Summer Friends' Journal 2011

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A complete sample of the Air Force Museum Foundation's quarterly Friends' Journal.


  • Classic F-105D

    Southeast Asia War Issue

    SAR in Southeast Asia

    Summer 2011 Vol. 4 No. 2


    Mr. Charles J. Faruki - ChairmanLt. Gen. (Ret.) Richard V. Reynolds - PresidentMr. Patrick L. McGohan - Vice PresidentMaj. Gen. (Ret.) C. S. Cooper III - SecretaryMr. Jon G. Hazelton - TreasurerThe Hon. Claude M. Bolton, Jr.Gen. (Ret.) William J. BegertCol. (Ret.) Mark N. BrownLt. Gen. (Ret.) Charles H. Coolidge Jr.Ms. Frances A. DuntzMr. David C. EvansLt. Gen. (Ret.) Lawrence P. Farrell Jr.Col. (Ret.) Michael B. GoetzMaj. Gen. (Ret.) E. Ann HarrellCol. (Ret.) William S. HarrellMr. Charles F. Kettering IIIMr. Gregory G. LockhartCol. (Ret.) Pamela A. MelroyGen. (Ret.) T. Michael MoseleyGen. (Ret.) Charles T. Robertson Jr.Mr. R. Daniel Sadlier Mr. C. Kevin Scarborough Col. (Ret.) James B. SchepleyMr. Scott J. SeymourMr. Gary G. StephensonMr. Harry W. (Wes) Stowers Jr.Mr. Robert J. Suttman II, CFACol. (Ret.) R. A. Johnson - Executive SecretaryMrs. Lin Erickson - Chief Development Officer


    Lt. Gen. (Ret.) J. H. Hudson, DirectorTerrill Aitken, Senior Curator

    FRIENDS JOURNALEditor - Maj. (Ret.) John B. KingArt Director - Lt. Col. (Ret.) Richard BriceEditorial Assistants - Bill Hughes, Robert

    Pinizzotto, Tom Thacker, Dave Menard, Herman Engle

    Development Coordinator - Charlene WellsMembership Coordinator - Michele GieferEditorial Office: (937) 656-9622Membership Office: 1-877- 258-3910

    On the Cover: NMUSAF RF-4C Phantom II 2011 Richard BriceThe Friends Journal is published quarterly by the Air Force Museum Foundation, Inc., a non-profit organization dedicated to the expansion and improvement of the National Museum of the United States Air Force and to the preservation of the history of the United States Air Force. Authors retain all rights to further publication or use. Authors views expressed in the Friends Journal do not necessarily represent those of the Air Force Museum Foundation, Inc. or those of the United States Air Force. Printed in the USA. USPS Standard A rate postage paid at Dayton, OH. Subscription to the Friends Journal is included in the annual membership of the Friends of the Air Force Museum. All materials are Copyright 2010 and may not be reproduced without permission from the Air Force Museum Foundation. Submission of material for publication and correspondence concerning contents should be addressed to The Air Force Museum Foundation, Inc., P.O. Box 1903, Wright-Patterson AFB, OH 45433-1903, and marked in the corner of the envelope ATTN: Editor.

    Berlin Airlift Veterans Association Dedicates First Memorial in New Section

    On May 12, 2011, the Berlin Airlift Veterans Association dedicated its memorial in the new section of the Memorial Park adjacent to the National Museum of the United States Air Force. One hundred and seven attended the dedication and of those, there were 30 American and one British veteran of the Berlin Airlift.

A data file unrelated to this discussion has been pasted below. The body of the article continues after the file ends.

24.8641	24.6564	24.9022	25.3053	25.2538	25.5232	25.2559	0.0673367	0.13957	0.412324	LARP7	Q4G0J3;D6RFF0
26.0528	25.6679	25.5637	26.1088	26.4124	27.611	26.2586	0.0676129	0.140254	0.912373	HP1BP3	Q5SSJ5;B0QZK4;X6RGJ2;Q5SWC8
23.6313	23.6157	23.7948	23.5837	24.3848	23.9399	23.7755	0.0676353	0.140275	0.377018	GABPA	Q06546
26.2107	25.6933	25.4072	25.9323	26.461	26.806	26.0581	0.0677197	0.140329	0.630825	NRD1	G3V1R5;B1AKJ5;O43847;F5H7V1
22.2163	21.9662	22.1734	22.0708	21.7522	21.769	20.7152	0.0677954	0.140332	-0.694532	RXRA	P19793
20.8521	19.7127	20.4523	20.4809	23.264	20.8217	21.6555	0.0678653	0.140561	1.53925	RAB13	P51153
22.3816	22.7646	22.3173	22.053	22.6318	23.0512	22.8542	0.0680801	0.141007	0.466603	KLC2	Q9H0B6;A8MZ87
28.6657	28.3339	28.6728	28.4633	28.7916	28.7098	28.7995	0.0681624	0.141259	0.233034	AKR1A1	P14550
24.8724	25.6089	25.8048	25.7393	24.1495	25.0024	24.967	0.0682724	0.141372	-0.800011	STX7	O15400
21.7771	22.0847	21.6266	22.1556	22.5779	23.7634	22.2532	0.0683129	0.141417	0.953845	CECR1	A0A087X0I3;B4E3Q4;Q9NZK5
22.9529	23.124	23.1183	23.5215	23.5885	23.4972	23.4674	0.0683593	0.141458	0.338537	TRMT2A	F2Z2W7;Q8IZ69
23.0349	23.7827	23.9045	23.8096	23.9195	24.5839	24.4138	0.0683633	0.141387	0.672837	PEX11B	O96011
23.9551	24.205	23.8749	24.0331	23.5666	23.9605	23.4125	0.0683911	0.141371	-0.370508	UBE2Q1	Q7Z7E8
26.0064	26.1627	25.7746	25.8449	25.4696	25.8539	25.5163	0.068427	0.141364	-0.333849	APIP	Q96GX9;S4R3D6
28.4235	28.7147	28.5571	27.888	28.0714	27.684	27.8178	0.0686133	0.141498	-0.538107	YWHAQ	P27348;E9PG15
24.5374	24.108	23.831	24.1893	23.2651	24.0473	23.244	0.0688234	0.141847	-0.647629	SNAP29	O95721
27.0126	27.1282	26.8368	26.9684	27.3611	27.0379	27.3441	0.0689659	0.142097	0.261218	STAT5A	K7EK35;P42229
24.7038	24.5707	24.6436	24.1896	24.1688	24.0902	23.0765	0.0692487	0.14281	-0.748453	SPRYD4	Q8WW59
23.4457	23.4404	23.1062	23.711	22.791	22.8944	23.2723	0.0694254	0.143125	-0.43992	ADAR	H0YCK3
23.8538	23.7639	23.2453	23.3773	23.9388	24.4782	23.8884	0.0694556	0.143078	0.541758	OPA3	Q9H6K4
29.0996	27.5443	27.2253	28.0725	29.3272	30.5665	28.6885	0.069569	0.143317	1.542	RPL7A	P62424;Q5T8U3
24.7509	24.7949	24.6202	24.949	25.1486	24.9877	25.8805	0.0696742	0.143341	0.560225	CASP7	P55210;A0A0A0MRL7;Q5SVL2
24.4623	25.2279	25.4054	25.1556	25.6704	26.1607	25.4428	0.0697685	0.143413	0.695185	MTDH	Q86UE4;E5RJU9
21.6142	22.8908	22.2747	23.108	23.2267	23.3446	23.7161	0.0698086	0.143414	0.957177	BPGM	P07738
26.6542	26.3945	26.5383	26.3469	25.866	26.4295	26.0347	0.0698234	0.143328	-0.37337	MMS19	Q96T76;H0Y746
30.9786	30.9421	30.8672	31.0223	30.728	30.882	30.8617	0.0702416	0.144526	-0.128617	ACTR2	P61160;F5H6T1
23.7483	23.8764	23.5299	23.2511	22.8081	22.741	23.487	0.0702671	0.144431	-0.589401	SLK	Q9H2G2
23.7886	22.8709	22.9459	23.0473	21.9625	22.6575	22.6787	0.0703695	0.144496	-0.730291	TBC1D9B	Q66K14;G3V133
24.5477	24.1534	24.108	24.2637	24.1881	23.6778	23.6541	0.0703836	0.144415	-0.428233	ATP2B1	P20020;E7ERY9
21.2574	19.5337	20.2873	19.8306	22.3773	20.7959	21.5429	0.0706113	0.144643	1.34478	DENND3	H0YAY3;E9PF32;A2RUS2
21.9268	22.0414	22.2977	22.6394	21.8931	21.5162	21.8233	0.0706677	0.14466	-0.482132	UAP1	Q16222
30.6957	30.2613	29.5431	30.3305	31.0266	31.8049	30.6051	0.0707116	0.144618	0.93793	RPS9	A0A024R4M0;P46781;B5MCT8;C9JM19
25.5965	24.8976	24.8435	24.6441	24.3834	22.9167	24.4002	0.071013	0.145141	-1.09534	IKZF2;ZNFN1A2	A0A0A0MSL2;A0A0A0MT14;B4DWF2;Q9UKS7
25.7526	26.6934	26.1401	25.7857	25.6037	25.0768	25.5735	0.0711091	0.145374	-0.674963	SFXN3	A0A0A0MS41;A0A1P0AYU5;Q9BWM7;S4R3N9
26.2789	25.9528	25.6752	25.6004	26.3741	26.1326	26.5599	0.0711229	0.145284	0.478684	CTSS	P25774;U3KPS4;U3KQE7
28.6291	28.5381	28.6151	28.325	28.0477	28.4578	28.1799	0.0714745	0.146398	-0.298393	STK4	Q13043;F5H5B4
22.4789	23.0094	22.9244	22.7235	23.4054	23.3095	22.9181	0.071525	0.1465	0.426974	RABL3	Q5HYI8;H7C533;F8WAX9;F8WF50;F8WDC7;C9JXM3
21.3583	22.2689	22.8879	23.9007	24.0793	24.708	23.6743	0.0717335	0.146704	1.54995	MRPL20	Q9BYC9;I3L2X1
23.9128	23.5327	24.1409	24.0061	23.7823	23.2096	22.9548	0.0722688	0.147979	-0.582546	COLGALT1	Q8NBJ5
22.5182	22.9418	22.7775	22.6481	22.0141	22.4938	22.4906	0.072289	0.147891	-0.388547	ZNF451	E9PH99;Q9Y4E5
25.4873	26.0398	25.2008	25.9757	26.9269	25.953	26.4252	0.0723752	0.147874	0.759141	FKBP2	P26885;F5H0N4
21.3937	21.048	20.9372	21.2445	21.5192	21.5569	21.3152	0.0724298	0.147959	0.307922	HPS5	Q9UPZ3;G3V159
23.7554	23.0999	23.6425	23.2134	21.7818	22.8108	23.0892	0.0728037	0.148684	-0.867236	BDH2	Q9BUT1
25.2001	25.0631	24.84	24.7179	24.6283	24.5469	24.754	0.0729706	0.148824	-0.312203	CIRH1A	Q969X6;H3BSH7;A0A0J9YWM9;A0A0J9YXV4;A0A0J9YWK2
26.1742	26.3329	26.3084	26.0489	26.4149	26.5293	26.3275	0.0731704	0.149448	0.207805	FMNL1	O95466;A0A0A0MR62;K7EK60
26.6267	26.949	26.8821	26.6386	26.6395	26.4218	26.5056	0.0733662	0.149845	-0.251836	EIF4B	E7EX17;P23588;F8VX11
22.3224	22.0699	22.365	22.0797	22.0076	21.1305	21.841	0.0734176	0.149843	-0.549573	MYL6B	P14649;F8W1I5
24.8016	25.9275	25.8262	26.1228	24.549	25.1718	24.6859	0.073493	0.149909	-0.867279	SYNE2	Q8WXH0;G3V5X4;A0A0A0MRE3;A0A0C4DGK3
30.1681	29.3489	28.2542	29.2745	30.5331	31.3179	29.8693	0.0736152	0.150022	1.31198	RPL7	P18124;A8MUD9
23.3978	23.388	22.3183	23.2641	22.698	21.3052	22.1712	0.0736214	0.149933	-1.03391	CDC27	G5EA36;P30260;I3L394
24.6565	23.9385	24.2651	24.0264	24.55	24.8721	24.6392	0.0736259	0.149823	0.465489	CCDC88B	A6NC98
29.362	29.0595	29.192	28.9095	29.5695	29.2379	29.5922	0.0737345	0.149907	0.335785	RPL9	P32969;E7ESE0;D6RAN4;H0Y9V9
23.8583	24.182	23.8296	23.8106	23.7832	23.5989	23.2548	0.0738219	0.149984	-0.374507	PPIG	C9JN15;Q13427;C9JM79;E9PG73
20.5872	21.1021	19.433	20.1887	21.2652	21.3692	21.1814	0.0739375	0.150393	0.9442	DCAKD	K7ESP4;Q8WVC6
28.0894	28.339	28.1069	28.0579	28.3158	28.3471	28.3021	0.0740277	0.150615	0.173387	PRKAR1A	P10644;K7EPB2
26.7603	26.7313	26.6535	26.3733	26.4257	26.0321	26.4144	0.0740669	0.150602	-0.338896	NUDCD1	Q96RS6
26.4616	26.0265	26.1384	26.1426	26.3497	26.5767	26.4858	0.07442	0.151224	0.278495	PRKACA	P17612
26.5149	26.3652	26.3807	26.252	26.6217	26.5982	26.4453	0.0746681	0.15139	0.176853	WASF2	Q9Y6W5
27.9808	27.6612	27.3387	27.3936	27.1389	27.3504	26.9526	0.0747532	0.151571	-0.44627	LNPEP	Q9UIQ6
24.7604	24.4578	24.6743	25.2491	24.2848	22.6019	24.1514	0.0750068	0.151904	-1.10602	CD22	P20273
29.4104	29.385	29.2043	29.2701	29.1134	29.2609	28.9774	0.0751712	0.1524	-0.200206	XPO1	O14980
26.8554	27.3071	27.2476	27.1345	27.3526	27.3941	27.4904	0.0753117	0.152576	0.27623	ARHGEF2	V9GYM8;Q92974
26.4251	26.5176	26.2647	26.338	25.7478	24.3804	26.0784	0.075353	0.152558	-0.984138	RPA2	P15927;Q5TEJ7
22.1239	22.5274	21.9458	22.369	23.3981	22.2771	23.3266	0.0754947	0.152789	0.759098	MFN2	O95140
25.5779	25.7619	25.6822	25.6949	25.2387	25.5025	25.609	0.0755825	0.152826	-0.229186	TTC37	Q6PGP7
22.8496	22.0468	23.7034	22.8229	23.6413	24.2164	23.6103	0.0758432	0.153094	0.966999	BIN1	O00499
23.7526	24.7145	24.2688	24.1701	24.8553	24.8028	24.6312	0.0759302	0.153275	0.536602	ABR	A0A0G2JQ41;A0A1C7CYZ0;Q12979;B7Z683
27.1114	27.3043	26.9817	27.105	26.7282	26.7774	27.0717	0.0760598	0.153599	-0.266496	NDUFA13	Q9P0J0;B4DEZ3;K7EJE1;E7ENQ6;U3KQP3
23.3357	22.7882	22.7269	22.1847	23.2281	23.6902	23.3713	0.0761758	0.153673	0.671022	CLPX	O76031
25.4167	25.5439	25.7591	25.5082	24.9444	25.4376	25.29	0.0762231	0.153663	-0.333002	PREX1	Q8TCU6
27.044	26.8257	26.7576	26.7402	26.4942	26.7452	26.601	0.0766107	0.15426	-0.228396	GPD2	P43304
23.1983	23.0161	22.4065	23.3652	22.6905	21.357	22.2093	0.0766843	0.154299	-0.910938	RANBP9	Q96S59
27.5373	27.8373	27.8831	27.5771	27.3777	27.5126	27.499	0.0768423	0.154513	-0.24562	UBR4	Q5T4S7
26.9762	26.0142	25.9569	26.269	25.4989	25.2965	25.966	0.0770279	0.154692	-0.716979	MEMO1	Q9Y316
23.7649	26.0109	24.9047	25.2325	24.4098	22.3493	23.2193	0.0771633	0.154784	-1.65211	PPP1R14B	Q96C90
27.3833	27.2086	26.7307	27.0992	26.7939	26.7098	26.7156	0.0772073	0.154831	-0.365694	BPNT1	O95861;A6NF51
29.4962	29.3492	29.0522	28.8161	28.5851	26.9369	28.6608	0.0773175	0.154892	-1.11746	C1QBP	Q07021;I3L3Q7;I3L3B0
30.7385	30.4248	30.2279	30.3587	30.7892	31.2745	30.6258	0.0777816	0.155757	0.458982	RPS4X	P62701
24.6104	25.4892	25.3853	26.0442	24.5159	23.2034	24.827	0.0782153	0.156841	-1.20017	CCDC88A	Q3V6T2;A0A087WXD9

The memorial is similar in design to the Airlift Memorial located at the site of Templehof Air Base in Berlin Germany. The inscription on the base of the memorial tells the story of the greatest humanitarian airlift in history and an event that is considered by some to be the first battle of the Cold War. The inscription reads:

    The Berlin Airlift started on June 26, 1948 and ended September 30, 1949. During the Airlift aircraft flew 277,569 missions and delivered 2,325,509.6 tons of supplies. The names of the thirty one Americans who lost their lives during the Airlift are inscribed on the memorial.

    Hoping to force the Allies to abandon West Berlin, the Soviet Union instituted a land and water blockade of the city. This was their effort to take control of Germany and the rest of Europe. President Harry Truman and General Lucius Clay deemed it vital that the Allies remained in Berlin. England, France, and the USA responded with the airlift to supply over 2 million Berliners with food, fuel, medicine, and the hope of remaining a free society. The Army, Navy, and Air Force united to make the first mission of the fledgling Air Force a suc-cess. The result of this massive airlift was stopping the spread of communism in Europe, Berlin remained free, NATO was spawned, and US foreign policy was set for years to come. Thirty-one Americans lost their lives during the Berlin Airlift in aircraft related accidents.

    Dr. Earl Moore, President of the Berlin Airlift Veterans Association, speaks at the dedication on May 12, 2011, of the Berlin Airlift Memorial.

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    6 MiG Killer Wanna-Be by Col. Larry J. Bigham, USAF (Ret.) 9 A Flight Surgeon in Thailand by Col. Paul A. Stagg, USAF, MC, (Ret.)14 I Shouldnt Be Alive by Lt. Col. Henry Lew Smith, USAF (Ret.)16 Captain Smiths Fast Fifty by CMSgt. Tom Perry, USAF (Ret.)18 Drone Development by Wing Commander Gary Coleman, RAF22 R & R in Madrid by Lt. Col. James L. McAfee, USAF (Ret.)27 Republic F-105 Thunderchief by Richard Brice and John King31 Alaska, the Aleutians, and Russia